commensurate with the claims being made.
The necessity for robust data applies to
products for both human and veterinary
medicine. In the absence of such robust and
verifiable evidence, a product should not be
approvable by national regulatory agencies
for the designation medicinal product.
Public health-system budgets are under
increasing pressure. Evidence-based
public health systems should not offer
­reimbursement for homeopathic products
and services unless they are demonstrated to
be efficacious and safe by rigorous testing.
The composition of homeopathic products
should be labelled in a similar way to
other health products available in the
pharmacy (OTC) or elsewhere. That is, the
current exceptional labelling permitted for
homeopathic products should be replaced by
a simple description of the ingredients and
their amounts present in the formulation.
•   
Advertising and marketing of homeopathic
products and services must be regulated to be
accurate and clear: advertising claims made
for efficacy and safety should not be allowed
without demonstrable and reproducible
evidence.
Our recommendations on testing, regulation,
labelling and marketing have significant implications
for the European Commission: in particular, for
DG Sante (human and veterinary medicine),
European Medicines Agency, and DG Justice and
Consumers. There are also major implications
for Member State health services and medicine
regulatory agencies. In addition, there are significant
challenges for patient education and dialogue,
and public engagement. Our final recommendation
is to our EASAC member academies: they should
consider how they can now facilitate further
discussion and action on the issues presented in this
statement.
Appendix 1    EASAC Working Group
This Statement was prepared by consultation with a Working Group of experts acting in an individual capacity,
nominated by member academies of EASAC:
Volker ter Meulen (Chair, Germany)
Jean-Francois Bach (France)
Helmut Denk (Austria)
Georg Ertl (Germany)
George Griffin (UK)
Kristian Gundersen (Norway)
Pavel Jungwirth (Czech Republic)
Dan Larhammar (Sweden)
Vecsei Laszlo (Hungary)
Alberto Mantovani (Italy)
Jos van der Meer (the Netherlands)
Robin Fears (secretariat, UK)
The scope for this project was discussed at a preliminary meeting between the EASAC Bureau and KVA in
September 2015 (Stockholm, Sweden) with further discussions at Council meetings in Smolenice, Slovakia
(November 2015) and Oslo, Norway (May 2016).
The Working Group was formed during the autumn of 2016 and met in January 2017 (Berlin, Germany). The
output from the Working Group was peer reviewed by independent reviewers nominated by EASAC member
academies.
EASAC thanks the Working Group members for their insight, commitment and support, and ­members of the
EASAC Biosciences Steering Panel and the peer reviewers for their advice and guidance.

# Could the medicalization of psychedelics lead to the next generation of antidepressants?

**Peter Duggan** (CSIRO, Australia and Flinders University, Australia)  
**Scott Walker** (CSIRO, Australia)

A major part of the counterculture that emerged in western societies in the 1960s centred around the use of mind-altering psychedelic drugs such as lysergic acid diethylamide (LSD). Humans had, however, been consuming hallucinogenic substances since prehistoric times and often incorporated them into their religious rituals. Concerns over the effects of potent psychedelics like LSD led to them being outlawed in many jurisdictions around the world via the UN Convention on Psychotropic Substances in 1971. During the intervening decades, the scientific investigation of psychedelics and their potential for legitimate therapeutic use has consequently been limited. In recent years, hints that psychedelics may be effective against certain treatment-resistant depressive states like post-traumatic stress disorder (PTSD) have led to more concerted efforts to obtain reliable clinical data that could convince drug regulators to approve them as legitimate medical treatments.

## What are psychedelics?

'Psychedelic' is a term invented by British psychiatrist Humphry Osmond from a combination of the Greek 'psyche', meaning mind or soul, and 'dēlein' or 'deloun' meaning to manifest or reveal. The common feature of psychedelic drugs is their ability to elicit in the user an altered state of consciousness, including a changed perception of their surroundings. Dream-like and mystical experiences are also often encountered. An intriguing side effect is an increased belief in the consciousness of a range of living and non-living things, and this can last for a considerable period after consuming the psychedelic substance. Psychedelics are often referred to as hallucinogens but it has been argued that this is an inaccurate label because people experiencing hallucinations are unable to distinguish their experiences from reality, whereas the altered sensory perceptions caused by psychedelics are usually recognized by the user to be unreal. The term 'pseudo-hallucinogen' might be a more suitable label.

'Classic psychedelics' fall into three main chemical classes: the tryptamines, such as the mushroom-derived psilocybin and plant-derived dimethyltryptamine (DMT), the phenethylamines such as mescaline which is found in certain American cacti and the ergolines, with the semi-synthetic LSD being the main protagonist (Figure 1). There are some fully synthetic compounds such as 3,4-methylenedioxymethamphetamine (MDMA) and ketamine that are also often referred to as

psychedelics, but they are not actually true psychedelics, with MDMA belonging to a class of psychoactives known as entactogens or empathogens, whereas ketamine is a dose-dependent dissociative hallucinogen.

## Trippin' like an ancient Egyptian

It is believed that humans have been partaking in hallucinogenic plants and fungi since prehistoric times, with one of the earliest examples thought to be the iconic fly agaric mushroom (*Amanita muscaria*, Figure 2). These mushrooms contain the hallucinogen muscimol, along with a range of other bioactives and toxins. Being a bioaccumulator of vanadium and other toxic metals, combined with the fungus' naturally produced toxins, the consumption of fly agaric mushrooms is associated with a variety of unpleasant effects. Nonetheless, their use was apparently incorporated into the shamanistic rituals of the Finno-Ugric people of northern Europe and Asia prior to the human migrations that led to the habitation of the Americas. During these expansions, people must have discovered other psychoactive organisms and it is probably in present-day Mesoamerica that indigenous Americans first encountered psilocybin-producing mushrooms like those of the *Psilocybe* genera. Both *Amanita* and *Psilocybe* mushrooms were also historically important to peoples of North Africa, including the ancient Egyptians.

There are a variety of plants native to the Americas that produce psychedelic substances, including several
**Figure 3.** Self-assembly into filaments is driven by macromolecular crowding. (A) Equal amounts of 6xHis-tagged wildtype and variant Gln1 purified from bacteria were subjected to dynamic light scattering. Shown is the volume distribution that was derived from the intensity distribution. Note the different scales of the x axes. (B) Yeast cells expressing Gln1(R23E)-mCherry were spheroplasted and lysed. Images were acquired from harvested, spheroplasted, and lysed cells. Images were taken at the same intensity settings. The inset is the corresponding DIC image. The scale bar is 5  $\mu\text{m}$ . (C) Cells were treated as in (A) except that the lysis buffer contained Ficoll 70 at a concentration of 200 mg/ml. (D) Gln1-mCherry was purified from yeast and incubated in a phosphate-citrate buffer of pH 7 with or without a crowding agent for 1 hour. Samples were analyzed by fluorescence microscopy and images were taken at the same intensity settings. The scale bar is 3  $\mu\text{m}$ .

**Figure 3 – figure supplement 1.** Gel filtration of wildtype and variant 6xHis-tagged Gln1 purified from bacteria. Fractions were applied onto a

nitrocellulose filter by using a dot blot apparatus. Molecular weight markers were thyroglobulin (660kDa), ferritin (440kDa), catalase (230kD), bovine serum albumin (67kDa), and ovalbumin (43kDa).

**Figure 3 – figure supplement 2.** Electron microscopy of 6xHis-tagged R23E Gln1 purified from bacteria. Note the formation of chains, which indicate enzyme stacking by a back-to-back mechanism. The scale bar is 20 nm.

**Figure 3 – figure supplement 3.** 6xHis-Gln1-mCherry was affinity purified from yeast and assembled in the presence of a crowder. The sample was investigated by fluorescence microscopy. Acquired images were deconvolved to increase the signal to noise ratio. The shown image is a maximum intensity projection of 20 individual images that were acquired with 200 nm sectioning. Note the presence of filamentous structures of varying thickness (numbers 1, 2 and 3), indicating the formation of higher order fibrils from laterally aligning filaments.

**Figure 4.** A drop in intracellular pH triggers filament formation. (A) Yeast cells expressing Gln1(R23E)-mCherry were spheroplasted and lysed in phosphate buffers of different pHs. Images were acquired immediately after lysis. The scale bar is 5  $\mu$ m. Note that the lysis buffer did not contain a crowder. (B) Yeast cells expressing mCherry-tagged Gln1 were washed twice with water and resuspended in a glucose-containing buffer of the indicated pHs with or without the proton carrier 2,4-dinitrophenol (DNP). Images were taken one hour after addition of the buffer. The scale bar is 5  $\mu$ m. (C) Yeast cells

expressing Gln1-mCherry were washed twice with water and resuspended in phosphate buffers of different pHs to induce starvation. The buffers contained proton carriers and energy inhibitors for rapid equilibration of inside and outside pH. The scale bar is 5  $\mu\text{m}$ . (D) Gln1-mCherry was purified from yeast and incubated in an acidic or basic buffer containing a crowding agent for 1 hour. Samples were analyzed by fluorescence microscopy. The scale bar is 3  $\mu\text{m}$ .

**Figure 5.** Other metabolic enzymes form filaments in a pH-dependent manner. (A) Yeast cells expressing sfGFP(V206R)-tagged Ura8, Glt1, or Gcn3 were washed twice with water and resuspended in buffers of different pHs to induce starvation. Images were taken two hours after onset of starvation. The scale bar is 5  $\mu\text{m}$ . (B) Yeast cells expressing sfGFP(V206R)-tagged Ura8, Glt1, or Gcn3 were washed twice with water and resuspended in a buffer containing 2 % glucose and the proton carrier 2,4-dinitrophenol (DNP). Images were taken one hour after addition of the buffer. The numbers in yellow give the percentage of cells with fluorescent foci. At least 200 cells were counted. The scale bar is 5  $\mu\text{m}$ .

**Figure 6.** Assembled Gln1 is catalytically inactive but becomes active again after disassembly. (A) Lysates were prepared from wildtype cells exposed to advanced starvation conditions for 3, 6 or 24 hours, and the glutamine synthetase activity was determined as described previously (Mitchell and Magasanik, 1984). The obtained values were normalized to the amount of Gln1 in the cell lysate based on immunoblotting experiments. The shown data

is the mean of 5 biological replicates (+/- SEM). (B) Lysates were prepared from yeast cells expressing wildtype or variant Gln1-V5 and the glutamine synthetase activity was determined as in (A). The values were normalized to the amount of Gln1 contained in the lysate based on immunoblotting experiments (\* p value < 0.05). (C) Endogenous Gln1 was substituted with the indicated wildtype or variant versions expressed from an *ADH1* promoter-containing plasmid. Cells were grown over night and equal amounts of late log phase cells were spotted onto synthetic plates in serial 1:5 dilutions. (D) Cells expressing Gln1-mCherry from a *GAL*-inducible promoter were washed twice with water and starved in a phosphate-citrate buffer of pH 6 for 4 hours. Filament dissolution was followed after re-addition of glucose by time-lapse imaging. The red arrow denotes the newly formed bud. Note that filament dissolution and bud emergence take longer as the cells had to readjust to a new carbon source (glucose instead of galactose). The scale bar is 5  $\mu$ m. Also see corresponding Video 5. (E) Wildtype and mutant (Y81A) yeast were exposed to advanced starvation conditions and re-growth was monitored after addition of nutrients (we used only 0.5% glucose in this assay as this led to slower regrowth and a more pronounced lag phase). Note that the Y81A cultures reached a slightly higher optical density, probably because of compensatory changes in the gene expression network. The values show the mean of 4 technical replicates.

10 | September 2017 | Homeopathic products and practices
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EASAC, the European Academies’ Science Advisory Council, consists of representatives
of the following European national academies and academic bodies who have issued this
report:
The Austrian Academy of Sciences
The Royal Academies for Science and the Arts of Belgium
The Bulgarian Academy of Sciences
The Croatian Academy of Sciences and Arts
The Czech Academy of Sciences
The Royal Danish Academy of Sciences and Letters
The Estonian Academy of Sciences
The Council of Finnish Academies
The Académie des sciences (France)
The German National Academy of Sciences Leopoldina
The Academy of Athens
The Hungarian Academy of Sciences
The Royal Irish Academy
The Accademia Nazionale dei Lincei (Italy)
The Latvian Academy of Sciences
The Lithuanian Academy of Sciences
The Royal Netherlands Academy of Arts and Sciences
The Norwegian Academy of Science and Letters
The Polish Academy of Sciences
The Academy of Sciences of Lisbon
The Romanian Academy
The Slovak Academy of Sciences
The Slovenian Academy of Sciences and Arts
The Spanish Royal Academy of Sciences
The Swiss Academies of Arts and Sciences
The Royal Swedish Academy of Sciences
The Royal Society (United Kingdom)
Academia Europaea
All European Academies (ALLEA)
EASAC acknowledges the special contribution and input of the Royal Swedish Academy of Sciences in this project.
The affiliated network for Europe of
Printed on FSC paper.
EASAC Secretariat
Deutsche Akademie der Naturforscher Leopoldina
German National Academy of Sciences
Jägerberg 1, 06108 Halle (Saale), Germany
Tel: +49 (0)345 4723 9833; fax: +49 (0)345 4723 9839
Email: secretariat@easac.eu   
EASAC Brussels Office
Royal Academies for Science and the Arts of Belgium (RASAB)
Hertogsstraat 1 Rue Ducale, 1000 Brussels, Belgium
Tel: +32 (2) 550 23 32; fax: +32 (2) 550 23 78
Email: brusselsoffice@easac.eu
web: www.easac.eu